This is the set for the distance-craving golfer. Iron lofts average between 2 and 3 degrees stronger per club than their BiO Cell+ counterpart. The club heads and True Temper DynaLite 85 shafts encourage a higher ball flight. The combination of lower lofts, longer shaft lengths and slightly softer shafts encourages soaring shots with a distance upgrade.
As suggested above, the BiO Cell+ model has a little more loft per club through the set. For example, the BiO Cell+ 3 iron has 20 degrees of loft, the 5 iron has 25.5 and the 6 iron has 29. The BiO Cell set replies with 18-, 23- and 26.5-degree loft values, respectively. Through the long and mid irons, the difference ranges from 1 to 2.5 degrees. Once the short irons and wedges arrive, the differential is minimized to a degree or none at all.
The BiO Cell+ model features a slight offset through the set. Topping out at 4 mm in the 3 iron and ranging downward to 1.8 mm in the gap wedge, the offset helps to raise trajectory and add a bit of draw bias. The standard shaft in the BiO Cell+ model is a True Temper Dynamic Gold. This quintessential metal shaft encourages a lower ball flight to help the accurate player achieve even greater accuracy. Technology affords this golfer the opportunity to play to his strengths.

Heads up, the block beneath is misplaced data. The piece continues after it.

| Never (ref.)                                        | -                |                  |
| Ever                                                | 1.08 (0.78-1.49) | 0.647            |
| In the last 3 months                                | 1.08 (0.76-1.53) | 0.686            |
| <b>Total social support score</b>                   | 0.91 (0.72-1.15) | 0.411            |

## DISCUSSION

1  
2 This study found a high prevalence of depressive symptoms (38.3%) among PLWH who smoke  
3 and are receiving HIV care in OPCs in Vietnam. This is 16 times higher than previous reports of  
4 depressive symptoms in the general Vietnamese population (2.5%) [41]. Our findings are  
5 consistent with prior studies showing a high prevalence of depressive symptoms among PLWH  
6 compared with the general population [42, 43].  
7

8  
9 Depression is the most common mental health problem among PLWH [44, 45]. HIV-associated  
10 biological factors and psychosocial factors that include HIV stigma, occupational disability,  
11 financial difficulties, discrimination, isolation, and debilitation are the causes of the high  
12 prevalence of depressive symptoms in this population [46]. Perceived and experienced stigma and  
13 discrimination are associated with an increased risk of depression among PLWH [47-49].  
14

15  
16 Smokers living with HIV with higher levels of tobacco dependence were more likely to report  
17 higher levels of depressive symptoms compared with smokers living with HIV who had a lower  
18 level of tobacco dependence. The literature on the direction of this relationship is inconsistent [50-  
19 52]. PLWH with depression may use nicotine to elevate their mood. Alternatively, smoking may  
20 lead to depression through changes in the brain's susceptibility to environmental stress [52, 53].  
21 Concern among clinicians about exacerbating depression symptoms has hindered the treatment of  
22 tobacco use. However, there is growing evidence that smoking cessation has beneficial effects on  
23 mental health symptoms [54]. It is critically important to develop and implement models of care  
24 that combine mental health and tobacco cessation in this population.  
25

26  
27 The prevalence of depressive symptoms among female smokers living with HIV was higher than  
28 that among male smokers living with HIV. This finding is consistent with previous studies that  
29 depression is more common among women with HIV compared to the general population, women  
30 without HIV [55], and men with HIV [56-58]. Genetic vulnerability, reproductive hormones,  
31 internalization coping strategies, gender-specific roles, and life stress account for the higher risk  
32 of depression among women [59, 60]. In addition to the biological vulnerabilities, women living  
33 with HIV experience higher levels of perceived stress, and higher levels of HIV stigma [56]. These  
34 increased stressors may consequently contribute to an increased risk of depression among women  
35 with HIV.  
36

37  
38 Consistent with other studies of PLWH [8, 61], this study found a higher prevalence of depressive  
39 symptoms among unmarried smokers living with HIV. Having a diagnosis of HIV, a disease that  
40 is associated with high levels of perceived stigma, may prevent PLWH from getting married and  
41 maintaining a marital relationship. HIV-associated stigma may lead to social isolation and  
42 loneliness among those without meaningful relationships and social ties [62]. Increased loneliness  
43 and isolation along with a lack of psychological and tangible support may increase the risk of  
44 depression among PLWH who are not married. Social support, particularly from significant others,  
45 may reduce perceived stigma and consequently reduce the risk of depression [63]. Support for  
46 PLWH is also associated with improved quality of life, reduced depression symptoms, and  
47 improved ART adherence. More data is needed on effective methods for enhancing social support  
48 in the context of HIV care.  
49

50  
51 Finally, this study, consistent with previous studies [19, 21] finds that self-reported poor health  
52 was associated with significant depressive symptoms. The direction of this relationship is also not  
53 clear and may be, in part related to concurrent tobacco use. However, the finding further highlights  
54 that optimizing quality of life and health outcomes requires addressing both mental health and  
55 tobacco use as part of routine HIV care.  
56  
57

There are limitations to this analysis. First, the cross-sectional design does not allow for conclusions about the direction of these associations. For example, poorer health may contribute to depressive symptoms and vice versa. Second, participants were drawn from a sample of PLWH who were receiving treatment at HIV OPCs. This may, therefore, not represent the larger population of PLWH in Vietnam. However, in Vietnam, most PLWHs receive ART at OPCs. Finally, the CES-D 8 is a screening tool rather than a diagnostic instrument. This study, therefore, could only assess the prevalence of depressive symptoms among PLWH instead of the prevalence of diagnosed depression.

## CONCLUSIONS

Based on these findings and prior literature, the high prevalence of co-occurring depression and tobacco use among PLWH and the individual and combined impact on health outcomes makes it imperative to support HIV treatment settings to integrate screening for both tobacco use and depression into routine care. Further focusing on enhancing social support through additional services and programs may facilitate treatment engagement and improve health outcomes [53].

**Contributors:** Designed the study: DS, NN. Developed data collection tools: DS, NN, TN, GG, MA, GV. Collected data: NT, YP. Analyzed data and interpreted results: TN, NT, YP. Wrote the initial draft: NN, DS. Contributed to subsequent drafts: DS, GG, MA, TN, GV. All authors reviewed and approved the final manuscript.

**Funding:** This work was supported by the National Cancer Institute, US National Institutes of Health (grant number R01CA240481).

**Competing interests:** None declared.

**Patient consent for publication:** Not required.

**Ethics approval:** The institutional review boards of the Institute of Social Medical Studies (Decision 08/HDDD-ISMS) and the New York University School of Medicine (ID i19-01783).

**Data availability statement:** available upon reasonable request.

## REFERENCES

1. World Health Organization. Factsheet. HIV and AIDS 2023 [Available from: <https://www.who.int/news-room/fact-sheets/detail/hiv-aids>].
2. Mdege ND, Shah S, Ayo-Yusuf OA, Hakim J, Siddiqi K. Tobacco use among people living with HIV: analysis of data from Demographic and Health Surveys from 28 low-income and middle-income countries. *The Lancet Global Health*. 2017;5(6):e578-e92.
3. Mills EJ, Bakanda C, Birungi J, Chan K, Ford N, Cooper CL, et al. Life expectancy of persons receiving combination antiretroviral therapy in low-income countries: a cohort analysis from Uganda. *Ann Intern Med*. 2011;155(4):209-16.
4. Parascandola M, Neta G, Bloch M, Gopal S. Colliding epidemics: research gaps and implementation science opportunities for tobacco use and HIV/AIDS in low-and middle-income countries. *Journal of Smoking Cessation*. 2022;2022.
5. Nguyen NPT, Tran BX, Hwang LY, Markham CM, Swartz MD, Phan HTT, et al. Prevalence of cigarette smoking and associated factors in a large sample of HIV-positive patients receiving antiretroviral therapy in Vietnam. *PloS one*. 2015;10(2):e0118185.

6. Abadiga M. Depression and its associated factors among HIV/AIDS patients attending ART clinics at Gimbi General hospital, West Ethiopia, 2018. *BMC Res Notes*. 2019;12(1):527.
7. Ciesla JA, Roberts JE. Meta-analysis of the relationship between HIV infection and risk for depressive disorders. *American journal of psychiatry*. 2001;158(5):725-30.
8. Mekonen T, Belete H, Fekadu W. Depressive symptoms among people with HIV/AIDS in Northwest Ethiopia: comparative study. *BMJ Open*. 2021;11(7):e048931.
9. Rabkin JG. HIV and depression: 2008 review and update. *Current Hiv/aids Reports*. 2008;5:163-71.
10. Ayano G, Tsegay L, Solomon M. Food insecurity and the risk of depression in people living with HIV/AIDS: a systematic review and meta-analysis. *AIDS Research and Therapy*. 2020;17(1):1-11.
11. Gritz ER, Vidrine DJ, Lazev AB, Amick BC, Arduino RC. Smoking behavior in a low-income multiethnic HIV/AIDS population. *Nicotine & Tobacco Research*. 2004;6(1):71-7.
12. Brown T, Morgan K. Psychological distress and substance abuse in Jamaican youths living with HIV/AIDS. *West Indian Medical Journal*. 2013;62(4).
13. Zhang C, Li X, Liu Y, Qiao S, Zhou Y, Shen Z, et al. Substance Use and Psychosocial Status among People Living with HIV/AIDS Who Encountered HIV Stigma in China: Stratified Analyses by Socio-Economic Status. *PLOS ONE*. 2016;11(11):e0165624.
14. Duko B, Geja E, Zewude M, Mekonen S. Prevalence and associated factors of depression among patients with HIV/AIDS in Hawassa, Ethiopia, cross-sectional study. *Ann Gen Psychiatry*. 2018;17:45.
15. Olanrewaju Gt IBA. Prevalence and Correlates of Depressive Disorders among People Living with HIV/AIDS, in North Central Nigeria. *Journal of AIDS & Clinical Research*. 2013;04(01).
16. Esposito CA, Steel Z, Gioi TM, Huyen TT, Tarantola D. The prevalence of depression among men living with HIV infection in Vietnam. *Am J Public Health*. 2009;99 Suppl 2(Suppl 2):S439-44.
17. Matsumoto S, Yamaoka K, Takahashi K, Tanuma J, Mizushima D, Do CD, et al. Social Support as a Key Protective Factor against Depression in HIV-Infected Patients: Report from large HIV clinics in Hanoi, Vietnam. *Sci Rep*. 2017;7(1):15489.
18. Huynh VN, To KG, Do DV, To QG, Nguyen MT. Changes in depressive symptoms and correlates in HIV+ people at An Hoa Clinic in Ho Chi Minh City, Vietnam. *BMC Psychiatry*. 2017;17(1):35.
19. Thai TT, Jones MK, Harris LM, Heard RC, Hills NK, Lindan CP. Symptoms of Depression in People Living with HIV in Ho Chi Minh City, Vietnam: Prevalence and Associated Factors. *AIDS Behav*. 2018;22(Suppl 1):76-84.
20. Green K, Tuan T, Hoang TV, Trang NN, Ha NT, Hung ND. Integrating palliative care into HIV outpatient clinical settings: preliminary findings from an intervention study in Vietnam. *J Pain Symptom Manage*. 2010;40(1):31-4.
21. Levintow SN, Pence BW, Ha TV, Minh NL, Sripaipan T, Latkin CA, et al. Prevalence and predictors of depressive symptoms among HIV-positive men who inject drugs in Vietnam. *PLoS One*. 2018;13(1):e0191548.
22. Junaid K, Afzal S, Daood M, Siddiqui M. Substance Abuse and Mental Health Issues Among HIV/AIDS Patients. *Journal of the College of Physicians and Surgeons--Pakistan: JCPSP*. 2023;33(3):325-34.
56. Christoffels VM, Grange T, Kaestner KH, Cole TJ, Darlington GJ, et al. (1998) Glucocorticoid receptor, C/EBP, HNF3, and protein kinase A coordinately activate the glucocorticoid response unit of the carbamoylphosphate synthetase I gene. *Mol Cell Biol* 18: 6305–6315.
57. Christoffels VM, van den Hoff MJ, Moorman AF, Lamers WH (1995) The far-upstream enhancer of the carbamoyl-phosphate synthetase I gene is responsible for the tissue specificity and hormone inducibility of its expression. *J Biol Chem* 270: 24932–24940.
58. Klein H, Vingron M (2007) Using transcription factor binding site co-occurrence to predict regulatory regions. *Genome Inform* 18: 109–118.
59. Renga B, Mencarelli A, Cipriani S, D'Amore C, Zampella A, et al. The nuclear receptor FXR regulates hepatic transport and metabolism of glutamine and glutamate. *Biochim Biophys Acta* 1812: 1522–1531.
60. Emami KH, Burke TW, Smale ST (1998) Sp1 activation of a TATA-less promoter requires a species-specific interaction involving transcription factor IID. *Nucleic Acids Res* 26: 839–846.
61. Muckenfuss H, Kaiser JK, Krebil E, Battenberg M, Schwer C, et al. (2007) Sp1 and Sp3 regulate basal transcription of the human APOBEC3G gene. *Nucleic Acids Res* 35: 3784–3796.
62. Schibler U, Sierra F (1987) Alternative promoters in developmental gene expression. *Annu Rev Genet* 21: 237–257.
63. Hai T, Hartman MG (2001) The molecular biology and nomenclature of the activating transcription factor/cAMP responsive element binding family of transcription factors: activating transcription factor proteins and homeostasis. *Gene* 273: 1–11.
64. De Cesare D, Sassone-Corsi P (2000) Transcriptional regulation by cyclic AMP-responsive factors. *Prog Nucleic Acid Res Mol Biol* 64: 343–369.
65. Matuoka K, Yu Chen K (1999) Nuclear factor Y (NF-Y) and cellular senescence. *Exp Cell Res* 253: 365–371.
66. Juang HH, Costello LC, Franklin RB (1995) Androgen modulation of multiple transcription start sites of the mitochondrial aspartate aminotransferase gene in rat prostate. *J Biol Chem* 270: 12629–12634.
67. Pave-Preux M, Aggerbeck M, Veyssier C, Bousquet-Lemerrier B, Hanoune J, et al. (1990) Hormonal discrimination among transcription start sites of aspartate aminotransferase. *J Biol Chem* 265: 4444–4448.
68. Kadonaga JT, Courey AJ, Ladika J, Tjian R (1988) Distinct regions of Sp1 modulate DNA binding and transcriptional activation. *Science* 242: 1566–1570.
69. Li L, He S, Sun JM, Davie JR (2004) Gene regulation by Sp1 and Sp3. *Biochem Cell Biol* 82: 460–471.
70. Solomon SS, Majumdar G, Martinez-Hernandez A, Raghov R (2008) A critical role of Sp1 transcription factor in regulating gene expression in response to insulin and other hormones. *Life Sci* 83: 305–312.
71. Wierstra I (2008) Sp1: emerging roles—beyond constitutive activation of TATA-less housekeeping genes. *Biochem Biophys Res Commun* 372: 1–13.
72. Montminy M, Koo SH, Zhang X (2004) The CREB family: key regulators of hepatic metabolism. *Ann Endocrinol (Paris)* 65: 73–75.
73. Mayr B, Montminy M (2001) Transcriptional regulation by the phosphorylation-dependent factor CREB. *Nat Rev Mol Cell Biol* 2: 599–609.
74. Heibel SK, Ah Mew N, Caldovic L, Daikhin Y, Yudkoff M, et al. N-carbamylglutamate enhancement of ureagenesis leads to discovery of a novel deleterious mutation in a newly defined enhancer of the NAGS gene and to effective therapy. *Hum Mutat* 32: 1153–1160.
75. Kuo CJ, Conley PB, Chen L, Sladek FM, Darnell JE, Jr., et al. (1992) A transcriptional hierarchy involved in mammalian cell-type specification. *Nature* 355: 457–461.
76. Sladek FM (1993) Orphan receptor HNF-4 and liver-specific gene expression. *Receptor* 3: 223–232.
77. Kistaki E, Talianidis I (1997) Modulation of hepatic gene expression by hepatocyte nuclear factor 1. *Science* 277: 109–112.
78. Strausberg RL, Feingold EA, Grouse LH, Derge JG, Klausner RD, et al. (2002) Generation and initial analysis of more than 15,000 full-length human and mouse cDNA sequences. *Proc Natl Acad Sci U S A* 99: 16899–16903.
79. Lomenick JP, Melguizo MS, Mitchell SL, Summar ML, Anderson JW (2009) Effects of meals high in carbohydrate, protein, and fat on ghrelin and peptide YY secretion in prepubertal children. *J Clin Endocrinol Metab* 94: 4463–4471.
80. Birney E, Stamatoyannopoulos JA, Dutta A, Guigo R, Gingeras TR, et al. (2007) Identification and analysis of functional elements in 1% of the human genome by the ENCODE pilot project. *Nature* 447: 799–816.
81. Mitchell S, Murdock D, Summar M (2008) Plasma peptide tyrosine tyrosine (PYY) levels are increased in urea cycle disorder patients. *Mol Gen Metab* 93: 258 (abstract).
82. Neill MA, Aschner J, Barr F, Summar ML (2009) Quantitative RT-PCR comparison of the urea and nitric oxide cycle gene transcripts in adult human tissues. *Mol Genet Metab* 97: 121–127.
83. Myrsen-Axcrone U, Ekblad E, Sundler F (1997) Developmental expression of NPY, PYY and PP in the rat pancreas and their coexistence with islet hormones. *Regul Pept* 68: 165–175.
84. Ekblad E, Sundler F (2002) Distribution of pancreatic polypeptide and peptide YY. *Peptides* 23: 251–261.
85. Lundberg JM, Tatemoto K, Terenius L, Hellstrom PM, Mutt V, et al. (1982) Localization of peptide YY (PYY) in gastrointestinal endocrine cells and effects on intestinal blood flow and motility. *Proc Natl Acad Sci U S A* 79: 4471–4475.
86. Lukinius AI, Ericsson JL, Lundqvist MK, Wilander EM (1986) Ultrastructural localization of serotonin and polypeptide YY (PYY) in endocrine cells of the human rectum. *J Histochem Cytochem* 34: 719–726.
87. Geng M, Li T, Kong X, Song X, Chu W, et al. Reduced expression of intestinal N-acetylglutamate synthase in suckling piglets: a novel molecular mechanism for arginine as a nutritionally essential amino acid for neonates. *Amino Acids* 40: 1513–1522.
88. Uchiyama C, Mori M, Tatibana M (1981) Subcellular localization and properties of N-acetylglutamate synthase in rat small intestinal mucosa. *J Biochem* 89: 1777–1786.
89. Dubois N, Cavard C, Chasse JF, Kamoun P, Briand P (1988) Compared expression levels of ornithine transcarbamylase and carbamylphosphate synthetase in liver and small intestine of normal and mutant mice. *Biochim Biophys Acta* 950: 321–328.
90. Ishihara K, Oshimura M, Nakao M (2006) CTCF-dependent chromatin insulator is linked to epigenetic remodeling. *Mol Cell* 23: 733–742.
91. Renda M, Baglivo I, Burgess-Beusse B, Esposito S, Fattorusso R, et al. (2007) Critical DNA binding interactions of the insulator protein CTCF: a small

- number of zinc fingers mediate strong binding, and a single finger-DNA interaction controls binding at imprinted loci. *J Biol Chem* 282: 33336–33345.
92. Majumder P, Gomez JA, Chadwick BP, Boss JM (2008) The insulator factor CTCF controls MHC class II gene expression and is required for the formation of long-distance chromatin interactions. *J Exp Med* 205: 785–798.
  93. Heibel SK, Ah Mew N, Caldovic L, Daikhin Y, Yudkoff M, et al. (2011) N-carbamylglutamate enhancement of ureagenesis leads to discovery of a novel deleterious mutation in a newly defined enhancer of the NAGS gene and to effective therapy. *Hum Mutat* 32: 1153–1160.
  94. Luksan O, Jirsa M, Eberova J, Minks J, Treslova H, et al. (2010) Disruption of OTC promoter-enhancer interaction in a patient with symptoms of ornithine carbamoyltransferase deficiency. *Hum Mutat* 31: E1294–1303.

Each set is available in a 3 iron through gap wedge. Shared sand and lob wedges in the BiO Cell configuration and design are available. The sand wedge has a loft of 55 degrees of loft and a length of 35.5 inches. The lob wedge measures 60 degrees with an identical length.
BiO Cell Specs
BiO Cell+ Specs
After a number of goes with 8 iron and 4 iron from each set on the Trackman, a wealth of information lay before me. The data revealed that a number of categories (club speed, ball speed, smash factor) produced nearly-identical results. Other factors began to create a bit of disparity in performance between the two iron sets. For my swing, the BiO Cell+ iron results were a bit livelier in a horizontal way: I was more likely to overcook (right-to-left for my right-handed swing) an iron with the Dynamic Gold shaft than I was with the lighter, True Temper Dynalite shaft of the BiO Cell iron. Both sets that I tested came equipped with stock S-Flex shafts.